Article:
Rutherford Institute Urges Lawmakers to Regulate Drones
The Rutherford Institute in Charlottesville is cracking down on what some argue could become a Big Brother nightmare. The institute is calling on lawmakers to protect people against the power of drones, or unmanned aerial vehicles.
Rutherford President John Whitehead has sent a letter to both Charlottesville City Council and the Albemarle Board of Supervisors calling on them to urge the General Assembly to create clear limits on how law enforcement can use drones.
Rutherford argues drones do have legitimate uses, such as spotting wildfires or carrying out search and rescue missions, but also have the capability to become invasive. The institute says drone manufacturers have confirmed they can be equipped with automatic weapons, tear gas, and tasers. Some drones can even see through walls.
Whitehead is also concerned about smaller drones that mimic birds and insects and are almost undetectable.
"And what we're saying is, it's time for us to demand that Congress and the General Assembly pass some really strong language. My language is that they shouldn't be able to use any of it against you in court because if they can see you having sex with your wife, using the bathroom, or whatever you do in your home, let's say you're smoking a cigarette and it looks like a joint, should that drone be able to smash your door down?," said Whitehead.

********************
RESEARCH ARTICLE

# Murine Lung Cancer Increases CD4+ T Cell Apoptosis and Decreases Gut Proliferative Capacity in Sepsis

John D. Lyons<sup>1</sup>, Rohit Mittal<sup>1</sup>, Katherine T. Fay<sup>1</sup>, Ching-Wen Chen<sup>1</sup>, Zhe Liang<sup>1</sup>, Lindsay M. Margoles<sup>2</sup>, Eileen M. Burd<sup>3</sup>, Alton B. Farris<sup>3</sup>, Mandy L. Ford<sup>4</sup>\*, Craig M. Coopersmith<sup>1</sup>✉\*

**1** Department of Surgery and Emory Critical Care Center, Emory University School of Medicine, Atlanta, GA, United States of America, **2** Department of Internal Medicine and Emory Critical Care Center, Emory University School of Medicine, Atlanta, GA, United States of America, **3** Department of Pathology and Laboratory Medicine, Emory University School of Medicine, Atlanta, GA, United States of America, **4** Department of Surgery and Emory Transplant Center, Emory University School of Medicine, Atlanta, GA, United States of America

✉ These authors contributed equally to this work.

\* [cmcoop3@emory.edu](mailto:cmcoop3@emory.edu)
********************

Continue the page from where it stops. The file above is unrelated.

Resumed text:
According to the Rutherford Institute's fact sheet on this issue, there are at least 63 active drone sites around the United States. The Obama administration is calling for drone technology to become integrated into the National Airspace by 2015.
The issue is expected to come up under "other business" at Tuesday's city council meeting.
The Rutherford Institute Press Release
CHARLOTTESVILLE, VA — With at least 30,000 drones expected to occupy U.S. airspace by 2020, John W. Whitehead, president of The Rutherford Institute, is calling on government officials in Charlottesville and Albemarle County to do their part to safeguard Virginians against the use of drones by police, especially for surveillance and crowd control purposes. Specifically, Whitehead has provided the Albemarle Board of Supervisors and Charlottesville City Council with a model resolution urging the General Assembly to prevent police agencies from utilizing drones outfitted with anti-personnel devices such as tasers and tear gas and prohibit the government from using data recorded via police spy drones in criminal prosecutions. Rutherford Institute attorneys have drafted and made available to the public language that can be adopted at all levels of government—local, state and federal—in order to address concerns being raised about the threats posed by drones to citizens' privacy and civil liberties.
The Rutherford Institute's materials on drones, including its letter to the Charlottesville City Council and Albemarle County Board of Supervisors, its model drone resolutions for local, state and federal governments, and the companion fact sheet, are available at www.rutherford.org.
"Once these drones take to the skies, there really will be no place to hide," said Whitehead. "If we are to have any hope of safeguarding our privacy rights, it needs to start with our elected representatives at all levels of government—local, state and federal—establishing clear limits on how and when these aerial, robotic threats to privacy and security can be used by law enforcement officials."